Dust off your sarcophagi and bust out your sunscreen, Tor.com, because the Movie Rewatch of Great Nostalgia is back, with: 1994’s Stargate! They do the sand dance, dontcha know!
(And if you immediately got that reference: congratulations, you’re old. Whee!)
Previous entries can be found here. Please note that as with all films covered on the Nostalgia Rewatch, this post will be rife with spoilers for the film.
And now, the post!
ME: Let’s have a fight about aliens!
Well, what I actually said was “Let’s talk about the next MRGN movie, Stargate!”, but what ended up happening was that we had a fight about aliens. As you do.
Specifically, my sisters were both appalled that I did not immediately agree that aliens exist. They’re probably not going to be the only ones.
And look. I feel you. Coming from a lifelong, dyed-in-the-wool science fiction nerd like yours truly, that assertion may be a bit startling. But my argument, like any good sci-fi nerd’s argument should be, is based in scientific principle. Meaning, I am certainly open to the possibility that there are aliens out there somewhere; I would even cop to the likelihood of their existence, given the statistical argument which Carl Sagan summed up as “if there weren’t, it seems like an awful waste of space.” Sure, no problem.
But, sez me, likelihood is not proof. It’s not even evidence, in fact—at least, there is no evidence I’m aware of that doesn’t come with a tin foil hat firmly glued to it. And unless and until any concrete evidence of aliens does show up, I feel like the question of their existence or not remains not much more than a mildly interesting intellectual exercise without a conclusion.
LIZ: But… you love stories about aliens and stuff.
ME: Well, sure. Fictional aliens are awesome. But why do I have to believe in real aliens before I’m allowed to enjoy fake ones?
This is a weird (to me, anyway) phenomenon that I’ve run into before. I had a friend back in California who was, it transpired, a fairly fervent believer in things like ghosts and poltergeists and psychic phenomena, and he was genuinely shocked to discover that I didn’t believe any of those things were real. His response was nearly identical to Liz’s: “But you love stories about psychics and ghosts!” And I was like… yeah, so?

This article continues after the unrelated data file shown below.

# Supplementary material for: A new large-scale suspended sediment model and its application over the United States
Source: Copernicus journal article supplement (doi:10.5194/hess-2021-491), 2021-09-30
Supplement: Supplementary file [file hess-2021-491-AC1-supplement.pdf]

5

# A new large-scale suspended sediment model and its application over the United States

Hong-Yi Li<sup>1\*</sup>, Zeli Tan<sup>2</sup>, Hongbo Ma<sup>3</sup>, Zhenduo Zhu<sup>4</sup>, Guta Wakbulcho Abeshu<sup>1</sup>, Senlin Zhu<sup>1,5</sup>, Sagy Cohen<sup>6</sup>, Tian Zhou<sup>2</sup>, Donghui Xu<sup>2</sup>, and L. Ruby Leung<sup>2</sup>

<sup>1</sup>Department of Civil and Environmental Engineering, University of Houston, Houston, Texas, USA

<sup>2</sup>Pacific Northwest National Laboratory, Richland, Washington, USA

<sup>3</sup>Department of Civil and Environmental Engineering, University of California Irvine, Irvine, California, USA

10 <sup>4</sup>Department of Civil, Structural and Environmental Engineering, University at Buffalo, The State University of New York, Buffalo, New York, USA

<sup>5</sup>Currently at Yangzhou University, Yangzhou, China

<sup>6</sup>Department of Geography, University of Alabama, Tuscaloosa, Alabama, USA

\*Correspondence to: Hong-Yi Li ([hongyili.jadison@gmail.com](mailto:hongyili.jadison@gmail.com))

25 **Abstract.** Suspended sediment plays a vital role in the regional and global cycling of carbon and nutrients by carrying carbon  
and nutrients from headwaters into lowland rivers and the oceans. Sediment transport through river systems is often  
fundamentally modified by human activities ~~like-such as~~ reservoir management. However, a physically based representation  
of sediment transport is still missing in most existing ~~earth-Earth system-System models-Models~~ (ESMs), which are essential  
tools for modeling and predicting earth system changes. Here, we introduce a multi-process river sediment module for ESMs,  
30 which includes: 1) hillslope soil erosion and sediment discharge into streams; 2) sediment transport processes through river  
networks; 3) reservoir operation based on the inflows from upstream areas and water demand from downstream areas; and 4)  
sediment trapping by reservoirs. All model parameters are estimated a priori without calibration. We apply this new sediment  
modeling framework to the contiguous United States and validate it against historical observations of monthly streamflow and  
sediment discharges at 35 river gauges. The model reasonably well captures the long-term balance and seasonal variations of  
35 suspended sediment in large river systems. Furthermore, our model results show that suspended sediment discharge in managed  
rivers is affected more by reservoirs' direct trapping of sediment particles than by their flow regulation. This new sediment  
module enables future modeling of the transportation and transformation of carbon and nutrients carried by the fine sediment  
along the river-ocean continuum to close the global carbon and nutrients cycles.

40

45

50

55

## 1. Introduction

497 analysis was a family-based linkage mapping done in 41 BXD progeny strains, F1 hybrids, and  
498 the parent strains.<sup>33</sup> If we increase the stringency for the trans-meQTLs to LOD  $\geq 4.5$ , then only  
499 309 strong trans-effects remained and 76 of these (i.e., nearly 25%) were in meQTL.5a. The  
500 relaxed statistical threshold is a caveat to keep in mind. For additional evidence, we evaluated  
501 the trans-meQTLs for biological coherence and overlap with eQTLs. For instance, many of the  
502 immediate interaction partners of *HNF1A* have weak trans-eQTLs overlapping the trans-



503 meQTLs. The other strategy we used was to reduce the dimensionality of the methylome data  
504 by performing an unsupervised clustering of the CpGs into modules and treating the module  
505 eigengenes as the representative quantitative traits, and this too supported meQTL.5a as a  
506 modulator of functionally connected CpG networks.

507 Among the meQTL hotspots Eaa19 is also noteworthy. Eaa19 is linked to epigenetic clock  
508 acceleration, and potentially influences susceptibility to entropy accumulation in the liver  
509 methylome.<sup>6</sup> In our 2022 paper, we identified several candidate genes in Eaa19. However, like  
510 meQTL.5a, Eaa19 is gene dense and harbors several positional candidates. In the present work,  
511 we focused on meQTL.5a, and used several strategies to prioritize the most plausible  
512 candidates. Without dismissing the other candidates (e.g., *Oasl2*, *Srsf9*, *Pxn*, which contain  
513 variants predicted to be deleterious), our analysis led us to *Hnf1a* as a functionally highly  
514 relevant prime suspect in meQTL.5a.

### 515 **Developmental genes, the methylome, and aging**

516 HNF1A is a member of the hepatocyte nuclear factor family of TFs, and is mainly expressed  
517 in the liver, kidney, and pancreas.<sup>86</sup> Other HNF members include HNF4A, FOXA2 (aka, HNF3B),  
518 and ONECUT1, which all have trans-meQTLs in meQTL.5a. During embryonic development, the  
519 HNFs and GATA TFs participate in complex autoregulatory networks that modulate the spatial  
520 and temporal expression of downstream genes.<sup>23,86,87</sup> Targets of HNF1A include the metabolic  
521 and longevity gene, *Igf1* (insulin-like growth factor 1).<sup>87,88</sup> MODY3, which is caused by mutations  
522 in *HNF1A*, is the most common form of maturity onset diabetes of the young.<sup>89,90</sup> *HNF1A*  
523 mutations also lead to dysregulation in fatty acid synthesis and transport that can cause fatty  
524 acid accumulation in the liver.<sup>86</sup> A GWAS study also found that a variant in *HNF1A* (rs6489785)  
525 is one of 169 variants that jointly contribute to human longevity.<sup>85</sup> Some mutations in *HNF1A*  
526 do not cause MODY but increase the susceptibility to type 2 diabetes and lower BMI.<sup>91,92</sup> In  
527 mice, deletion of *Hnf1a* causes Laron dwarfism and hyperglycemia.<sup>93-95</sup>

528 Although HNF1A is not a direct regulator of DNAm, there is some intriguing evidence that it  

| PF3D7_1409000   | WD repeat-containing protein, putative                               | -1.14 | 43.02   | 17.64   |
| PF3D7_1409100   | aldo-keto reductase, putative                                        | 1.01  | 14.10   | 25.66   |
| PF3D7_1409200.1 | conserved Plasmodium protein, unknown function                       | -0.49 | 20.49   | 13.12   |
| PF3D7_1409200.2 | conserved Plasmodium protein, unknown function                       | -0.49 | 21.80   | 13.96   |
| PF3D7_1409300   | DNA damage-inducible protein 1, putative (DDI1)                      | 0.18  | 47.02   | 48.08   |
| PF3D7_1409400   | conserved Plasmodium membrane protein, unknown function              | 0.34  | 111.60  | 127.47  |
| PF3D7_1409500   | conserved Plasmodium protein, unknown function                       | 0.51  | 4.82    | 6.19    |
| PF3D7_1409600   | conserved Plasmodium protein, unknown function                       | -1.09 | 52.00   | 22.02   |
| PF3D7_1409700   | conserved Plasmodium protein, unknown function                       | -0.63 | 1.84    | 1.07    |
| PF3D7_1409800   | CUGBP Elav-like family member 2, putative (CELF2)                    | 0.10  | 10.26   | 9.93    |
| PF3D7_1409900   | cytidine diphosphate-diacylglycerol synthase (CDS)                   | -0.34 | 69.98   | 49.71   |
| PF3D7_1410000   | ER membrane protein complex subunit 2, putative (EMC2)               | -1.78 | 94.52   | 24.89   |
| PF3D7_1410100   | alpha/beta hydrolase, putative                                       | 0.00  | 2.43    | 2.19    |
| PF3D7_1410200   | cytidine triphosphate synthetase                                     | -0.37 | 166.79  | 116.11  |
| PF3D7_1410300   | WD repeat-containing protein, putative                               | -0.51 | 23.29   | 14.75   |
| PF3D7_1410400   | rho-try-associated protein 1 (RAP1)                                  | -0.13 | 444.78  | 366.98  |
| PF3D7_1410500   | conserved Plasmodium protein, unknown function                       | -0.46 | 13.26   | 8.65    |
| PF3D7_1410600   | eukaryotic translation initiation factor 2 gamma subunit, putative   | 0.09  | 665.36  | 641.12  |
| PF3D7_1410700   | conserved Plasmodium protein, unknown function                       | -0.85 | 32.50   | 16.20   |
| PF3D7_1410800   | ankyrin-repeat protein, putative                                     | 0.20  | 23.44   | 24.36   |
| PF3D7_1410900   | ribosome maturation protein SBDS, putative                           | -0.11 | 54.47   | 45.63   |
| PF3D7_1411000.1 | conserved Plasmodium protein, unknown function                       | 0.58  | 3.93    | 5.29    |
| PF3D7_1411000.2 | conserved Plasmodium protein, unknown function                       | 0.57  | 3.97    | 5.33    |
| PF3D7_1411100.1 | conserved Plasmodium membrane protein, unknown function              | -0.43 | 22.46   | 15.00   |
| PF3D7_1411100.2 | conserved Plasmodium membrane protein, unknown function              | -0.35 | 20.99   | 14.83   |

But I digress! My point is, I am perfectly capable of enjoying the shit out of a good “aliens exist” yarn without needing to believe that it translates to aliens actually existing. And 1994’s Stargate, while not being perhaps cinema’s most iconic portrayal of aliens, is still one of our favorites.
There’s nothing I could point to that makes this movie great, but there are plenty of things I could point to which are more than good enough to make it unite into a very pleasing and satisfying (and rewatchable) whole. Which is a lot more than most movies can do, so, you know, don’t knock it.
The production design, for one, which took the plot’s clichéd-but-acting-like-it’s-not clichéd premise of “Ancient Egyptians = ALIENZZZ!!” and ran with it, to lovely effect. Liz in particular is very fond of the way the costumes and sets evoked the feel of Ancient Egypt while also infusing a technological/otherworldly feel into it.
The Western fascination with the mysteriousness of Ancient Egyptian culture, while dimmed over time (especially in light of increasing awareness of its racist/imperialist overtones), is still plenty strong enough to lure the audience in right off the bat, and the film does a great job of including just enough realism about the era and culture (or at least the research into it) to give a note of authenticity to the blatant fiction of everything else.
The detail that Dr. Jackson could read hieroglyphics, but couldn’t actually speak the language until he got Sha’uri to tell him what the vowels were, for instance. Which is an element that I loved at the time—and still do, really, even though I now know that’s a simplified at best explanation of the difficulties modern scholars have with translating the language.
It also doesn’t hurt that the movie is very nice to look at, if in a very “late 20th century Hollywood” way:
KATE: I had a house like that once.
I remember reading a remark from one of the actors that the desert sure as hell hadn’t looked that pretty when they were filming the movie, so yay for aggressive color correction, I guess.
The CGI effects in Stargate are definitely a tad dated, but they were used sparingly enough that their clunkiness is easily ignored, and some effects—like the gorgeous “sunlit water” effect of the Stargate itself—still hold up very well.
LIZ: I love the scene where they open the Stargate for the first time, but I could never understand why they didn’t just figure out the last chevron by trial and error. There can only be so many options on that thing, after all.
Yeah, well. As a side note, it may not have been until I saw this movie that I realized “chevron” was a word that meant something besides “a brand of gas station”. Love and kisses, my first-class American education. Ahem.